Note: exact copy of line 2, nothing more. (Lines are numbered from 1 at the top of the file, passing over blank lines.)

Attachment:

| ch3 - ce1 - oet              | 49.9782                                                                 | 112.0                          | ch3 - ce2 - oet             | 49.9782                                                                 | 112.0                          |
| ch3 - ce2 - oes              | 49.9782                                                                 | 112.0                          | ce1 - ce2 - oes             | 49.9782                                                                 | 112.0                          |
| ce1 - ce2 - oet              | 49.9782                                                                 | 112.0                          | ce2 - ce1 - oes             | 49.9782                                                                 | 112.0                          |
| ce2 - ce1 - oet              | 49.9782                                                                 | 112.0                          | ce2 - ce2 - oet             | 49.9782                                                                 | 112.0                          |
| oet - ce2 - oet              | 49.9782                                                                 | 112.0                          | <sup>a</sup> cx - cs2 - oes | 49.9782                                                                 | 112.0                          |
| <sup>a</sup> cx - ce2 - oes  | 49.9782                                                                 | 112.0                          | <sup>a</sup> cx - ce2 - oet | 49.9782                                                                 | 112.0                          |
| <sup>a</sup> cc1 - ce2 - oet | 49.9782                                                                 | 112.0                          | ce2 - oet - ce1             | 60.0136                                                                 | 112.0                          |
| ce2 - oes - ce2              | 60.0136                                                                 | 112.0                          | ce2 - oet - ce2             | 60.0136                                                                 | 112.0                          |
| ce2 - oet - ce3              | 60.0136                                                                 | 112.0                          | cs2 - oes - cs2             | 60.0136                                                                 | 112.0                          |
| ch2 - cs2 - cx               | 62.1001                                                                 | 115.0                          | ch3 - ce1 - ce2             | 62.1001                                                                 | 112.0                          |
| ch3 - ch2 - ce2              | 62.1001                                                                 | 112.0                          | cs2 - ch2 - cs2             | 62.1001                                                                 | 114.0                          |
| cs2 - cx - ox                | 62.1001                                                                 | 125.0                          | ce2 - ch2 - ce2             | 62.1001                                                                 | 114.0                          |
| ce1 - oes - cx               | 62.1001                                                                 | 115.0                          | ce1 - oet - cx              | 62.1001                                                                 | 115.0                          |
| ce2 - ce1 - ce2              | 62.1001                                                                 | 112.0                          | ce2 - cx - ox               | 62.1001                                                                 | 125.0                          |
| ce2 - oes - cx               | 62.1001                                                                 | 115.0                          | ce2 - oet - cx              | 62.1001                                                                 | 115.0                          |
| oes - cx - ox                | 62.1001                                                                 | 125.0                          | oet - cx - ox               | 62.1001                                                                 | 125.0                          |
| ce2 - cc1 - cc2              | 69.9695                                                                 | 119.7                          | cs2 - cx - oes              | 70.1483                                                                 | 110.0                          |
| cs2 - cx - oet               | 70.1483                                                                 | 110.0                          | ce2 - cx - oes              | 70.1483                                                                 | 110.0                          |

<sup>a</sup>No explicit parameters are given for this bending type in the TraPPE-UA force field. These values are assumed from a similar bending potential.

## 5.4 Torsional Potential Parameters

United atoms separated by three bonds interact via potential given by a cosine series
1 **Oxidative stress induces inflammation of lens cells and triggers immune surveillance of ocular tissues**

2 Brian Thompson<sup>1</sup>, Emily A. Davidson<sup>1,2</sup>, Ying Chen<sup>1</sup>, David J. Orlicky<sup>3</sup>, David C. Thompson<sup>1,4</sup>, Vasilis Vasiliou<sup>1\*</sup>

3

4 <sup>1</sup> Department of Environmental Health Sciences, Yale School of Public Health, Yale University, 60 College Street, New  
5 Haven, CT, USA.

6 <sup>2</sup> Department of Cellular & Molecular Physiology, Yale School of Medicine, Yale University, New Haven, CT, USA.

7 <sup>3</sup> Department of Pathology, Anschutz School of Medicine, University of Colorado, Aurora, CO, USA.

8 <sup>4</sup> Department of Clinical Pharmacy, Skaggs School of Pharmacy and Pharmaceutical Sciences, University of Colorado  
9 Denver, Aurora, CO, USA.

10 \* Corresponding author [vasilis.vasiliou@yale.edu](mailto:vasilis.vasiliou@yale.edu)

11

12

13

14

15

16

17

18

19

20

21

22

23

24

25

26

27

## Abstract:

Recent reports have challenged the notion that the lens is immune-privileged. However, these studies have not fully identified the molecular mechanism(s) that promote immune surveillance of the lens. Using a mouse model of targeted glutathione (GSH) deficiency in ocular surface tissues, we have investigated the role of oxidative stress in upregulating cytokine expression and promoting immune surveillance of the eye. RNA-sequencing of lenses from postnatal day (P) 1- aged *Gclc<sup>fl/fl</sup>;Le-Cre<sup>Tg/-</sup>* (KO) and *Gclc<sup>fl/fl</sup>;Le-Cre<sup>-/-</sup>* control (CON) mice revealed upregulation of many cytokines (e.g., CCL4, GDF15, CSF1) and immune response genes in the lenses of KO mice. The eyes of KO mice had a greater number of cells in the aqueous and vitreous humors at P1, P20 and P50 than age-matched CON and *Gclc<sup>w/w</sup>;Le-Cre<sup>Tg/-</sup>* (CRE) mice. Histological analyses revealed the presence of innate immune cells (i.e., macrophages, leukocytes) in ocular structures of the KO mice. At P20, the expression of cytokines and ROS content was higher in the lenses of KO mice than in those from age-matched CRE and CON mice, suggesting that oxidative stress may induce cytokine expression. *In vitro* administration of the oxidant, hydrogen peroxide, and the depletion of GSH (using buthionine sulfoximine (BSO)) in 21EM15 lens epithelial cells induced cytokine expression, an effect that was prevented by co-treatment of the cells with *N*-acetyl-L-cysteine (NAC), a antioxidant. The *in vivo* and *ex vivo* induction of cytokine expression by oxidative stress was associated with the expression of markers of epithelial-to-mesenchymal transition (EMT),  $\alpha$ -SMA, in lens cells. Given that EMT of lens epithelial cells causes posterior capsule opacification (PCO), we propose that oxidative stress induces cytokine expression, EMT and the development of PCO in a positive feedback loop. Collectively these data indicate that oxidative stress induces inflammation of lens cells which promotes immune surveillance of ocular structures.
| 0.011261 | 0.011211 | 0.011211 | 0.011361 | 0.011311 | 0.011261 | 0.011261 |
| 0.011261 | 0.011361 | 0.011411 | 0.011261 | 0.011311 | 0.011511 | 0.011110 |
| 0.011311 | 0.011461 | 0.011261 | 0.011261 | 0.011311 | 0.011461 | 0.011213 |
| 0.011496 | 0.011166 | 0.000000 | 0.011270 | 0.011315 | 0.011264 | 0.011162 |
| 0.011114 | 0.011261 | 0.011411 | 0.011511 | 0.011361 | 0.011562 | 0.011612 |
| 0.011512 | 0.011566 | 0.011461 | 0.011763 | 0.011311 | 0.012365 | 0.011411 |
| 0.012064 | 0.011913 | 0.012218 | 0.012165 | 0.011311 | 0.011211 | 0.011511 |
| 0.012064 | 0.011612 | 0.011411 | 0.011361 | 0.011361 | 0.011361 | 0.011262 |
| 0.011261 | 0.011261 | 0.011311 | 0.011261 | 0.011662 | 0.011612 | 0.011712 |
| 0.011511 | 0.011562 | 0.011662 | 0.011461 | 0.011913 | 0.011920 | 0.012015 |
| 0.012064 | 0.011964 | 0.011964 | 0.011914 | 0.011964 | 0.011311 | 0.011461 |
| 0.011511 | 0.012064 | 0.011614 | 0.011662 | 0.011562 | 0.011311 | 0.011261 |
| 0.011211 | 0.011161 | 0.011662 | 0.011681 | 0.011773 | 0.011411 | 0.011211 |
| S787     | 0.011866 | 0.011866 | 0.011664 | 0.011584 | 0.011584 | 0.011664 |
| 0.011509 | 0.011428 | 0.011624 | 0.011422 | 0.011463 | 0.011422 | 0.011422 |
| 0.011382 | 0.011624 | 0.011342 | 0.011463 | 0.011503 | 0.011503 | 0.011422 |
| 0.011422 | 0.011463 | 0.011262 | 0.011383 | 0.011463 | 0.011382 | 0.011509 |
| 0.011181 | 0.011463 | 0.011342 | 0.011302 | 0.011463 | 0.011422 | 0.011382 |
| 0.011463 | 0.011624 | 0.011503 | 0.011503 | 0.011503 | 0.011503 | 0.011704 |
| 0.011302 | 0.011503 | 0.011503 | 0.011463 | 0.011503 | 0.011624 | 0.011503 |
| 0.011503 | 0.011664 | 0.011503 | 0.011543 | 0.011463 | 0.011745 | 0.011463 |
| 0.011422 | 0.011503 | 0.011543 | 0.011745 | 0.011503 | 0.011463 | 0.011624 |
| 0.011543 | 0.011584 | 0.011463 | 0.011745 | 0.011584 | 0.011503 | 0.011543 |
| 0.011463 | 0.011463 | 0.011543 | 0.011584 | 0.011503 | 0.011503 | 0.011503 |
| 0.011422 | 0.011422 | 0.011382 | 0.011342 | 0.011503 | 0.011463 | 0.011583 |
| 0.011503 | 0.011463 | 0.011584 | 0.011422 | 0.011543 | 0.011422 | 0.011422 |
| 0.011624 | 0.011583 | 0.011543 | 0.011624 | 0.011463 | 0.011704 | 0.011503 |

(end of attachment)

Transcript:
| ch3 - ce2 - oes              | 49.9782                                                                 | 112.0                          | ce1 - ce2 - oes             | 49.9782                                                                 | 112.0                          |